Exactitude and fantasy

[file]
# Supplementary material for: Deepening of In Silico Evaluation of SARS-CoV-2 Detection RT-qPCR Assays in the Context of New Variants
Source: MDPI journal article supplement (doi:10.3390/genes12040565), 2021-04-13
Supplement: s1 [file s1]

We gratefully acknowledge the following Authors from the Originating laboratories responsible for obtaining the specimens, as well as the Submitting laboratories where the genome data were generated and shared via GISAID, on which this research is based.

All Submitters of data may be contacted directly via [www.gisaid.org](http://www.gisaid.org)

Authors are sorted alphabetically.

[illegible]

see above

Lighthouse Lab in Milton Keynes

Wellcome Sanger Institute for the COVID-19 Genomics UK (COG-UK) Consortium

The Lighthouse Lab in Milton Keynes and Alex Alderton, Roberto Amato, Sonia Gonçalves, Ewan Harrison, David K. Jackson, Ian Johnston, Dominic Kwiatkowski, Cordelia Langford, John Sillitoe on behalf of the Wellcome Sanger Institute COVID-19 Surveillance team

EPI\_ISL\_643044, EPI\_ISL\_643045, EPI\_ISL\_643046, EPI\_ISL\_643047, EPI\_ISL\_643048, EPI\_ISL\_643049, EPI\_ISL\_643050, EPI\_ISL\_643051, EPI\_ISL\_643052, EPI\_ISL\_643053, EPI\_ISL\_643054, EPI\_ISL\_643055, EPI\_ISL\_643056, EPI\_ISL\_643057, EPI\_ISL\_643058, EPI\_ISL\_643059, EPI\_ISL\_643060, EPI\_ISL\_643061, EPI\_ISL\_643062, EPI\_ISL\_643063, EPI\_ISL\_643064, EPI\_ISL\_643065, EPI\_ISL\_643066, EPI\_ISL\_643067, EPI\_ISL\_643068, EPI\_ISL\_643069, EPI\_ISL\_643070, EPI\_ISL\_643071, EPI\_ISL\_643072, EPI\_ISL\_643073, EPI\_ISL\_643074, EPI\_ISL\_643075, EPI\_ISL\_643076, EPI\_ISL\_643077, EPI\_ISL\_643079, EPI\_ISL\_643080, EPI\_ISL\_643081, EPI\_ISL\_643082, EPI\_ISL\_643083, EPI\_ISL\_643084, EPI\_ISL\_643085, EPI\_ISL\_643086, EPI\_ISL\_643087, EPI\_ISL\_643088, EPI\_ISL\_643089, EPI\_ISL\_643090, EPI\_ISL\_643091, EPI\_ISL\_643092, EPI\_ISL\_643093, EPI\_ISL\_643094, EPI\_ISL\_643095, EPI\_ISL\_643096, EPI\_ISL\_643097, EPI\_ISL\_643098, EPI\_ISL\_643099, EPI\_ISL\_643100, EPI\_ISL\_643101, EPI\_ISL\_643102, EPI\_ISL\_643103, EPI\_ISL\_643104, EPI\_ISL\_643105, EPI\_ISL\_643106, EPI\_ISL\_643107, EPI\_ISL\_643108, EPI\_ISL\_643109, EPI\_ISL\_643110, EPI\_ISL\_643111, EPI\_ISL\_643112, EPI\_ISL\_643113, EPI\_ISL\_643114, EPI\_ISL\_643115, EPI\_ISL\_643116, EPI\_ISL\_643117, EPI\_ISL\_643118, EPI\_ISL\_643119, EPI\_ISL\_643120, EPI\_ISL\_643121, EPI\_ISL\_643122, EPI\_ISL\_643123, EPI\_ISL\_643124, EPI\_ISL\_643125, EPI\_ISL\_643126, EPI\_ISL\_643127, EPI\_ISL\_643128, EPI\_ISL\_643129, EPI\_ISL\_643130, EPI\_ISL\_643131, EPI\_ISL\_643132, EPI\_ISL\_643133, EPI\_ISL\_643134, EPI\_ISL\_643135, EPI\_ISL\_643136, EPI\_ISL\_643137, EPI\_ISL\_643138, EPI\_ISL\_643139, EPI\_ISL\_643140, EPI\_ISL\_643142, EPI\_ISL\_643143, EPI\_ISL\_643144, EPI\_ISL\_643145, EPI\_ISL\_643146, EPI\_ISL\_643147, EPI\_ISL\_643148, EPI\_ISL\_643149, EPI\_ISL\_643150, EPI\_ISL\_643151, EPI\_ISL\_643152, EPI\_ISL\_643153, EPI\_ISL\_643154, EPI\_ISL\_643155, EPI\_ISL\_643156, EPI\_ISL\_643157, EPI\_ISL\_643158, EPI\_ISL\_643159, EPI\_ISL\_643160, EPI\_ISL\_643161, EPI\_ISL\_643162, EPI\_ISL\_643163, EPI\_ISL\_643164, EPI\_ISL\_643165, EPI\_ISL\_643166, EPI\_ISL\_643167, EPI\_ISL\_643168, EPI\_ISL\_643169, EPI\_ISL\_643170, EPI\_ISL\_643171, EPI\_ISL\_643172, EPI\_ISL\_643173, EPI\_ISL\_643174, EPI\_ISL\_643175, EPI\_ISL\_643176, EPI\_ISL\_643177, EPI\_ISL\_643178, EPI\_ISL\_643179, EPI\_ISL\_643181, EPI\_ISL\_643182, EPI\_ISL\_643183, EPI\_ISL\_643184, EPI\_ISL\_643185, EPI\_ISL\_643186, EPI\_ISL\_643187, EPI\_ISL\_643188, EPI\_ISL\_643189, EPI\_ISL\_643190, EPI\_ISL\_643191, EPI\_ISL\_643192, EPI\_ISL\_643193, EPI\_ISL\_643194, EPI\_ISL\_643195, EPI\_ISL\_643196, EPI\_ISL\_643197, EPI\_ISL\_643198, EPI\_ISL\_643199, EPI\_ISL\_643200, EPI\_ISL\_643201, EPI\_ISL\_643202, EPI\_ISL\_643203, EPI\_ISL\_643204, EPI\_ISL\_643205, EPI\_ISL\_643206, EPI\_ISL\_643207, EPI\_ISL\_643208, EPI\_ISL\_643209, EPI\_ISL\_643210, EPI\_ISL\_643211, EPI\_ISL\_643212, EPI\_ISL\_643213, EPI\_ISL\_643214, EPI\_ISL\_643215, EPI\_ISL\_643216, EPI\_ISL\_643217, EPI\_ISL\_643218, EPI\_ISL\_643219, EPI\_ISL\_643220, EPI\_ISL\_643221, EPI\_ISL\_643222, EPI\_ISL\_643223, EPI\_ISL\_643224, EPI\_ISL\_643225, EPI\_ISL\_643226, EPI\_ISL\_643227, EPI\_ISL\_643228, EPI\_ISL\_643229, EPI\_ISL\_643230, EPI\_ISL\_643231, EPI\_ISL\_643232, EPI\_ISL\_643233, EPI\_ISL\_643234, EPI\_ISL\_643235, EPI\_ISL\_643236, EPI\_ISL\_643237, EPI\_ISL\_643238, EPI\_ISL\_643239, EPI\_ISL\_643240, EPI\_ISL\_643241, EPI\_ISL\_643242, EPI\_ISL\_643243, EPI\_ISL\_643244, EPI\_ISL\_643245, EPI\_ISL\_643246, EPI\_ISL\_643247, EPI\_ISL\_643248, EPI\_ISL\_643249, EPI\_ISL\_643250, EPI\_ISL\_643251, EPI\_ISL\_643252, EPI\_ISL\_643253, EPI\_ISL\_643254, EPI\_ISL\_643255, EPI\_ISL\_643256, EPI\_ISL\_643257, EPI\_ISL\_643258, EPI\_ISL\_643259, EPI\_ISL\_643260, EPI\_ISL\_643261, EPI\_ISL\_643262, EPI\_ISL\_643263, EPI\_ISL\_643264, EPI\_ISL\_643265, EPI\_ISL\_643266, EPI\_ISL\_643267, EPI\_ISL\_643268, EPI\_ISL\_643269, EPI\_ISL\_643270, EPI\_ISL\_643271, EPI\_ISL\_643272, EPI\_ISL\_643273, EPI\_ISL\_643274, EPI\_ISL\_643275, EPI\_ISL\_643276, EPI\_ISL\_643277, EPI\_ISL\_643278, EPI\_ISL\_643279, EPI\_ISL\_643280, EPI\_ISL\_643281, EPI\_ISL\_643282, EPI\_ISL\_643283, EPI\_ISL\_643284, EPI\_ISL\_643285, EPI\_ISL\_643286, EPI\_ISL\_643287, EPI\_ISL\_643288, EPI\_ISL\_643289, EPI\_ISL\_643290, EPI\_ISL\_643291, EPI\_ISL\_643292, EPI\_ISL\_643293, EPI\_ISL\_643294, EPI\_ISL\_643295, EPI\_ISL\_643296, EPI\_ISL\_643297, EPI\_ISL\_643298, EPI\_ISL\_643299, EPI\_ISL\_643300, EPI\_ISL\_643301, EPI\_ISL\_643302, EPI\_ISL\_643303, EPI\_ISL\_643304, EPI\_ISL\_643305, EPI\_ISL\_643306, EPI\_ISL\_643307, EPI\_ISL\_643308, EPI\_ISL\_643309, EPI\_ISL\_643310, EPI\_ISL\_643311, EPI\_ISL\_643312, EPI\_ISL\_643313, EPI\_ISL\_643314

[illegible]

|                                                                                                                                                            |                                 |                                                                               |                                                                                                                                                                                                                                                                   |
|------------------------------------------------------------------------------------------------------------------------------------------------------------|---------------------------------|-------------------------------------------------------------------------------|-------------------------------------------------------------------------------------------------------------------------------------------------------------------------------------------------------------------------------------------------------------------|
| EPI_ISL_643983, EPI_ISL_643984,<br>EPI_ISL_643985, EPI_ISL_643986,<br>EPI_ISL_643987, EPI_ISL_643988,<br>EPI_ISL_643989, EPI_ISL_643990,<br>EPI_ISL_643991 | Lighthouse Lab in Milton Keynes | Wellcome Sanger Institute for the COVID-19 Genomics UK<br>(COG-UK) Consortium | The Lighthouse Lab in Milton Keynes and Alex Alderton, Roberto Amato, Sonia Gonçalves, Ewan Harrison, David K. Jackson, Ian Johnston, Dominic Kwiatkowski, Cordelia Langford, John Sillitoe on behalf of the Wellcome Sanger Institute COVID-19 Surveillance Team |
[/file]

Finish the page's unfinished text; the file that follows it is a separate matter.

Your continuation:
>>Early Greek history “sets a special challenge to the disciplined mind. It is a game with very few pieces, where the skill of the players lies in complicating the rules”. So wrote Iris Murdoch in her novel The Nice and the Good. Strictly speaking, she was referring to the archaic period. But in practical terms, it could be extended to embrace the whole of ancient history, where sources are few; or, rather, appear in a sudden floods (usually associated with a very well-preserved writer such as Cicero) closely followed by frustrating periods of drought. Historians must wring every last drop of juice from this or that inscription, potsherd, or literary source, proceeding with painstaking care and engaging in minute acts of close-reading. But then the fun of it is that they may make the most extraordinary leaps of the imagination to bridge the gaps. This process, of almost pettifogging exactitude combined with what some might regard as little short of fantasy, can be frustrating. But it is this marriage of precision, abstract thinking and creativity that makes ancient history so absorbing and endlessly fresh. Someone is always coming along and knocking down the fragile house of cards constructed by the last thinker, and boldly building another elegant edifice.<< Charlotte Higgins: End of an era (Guardian)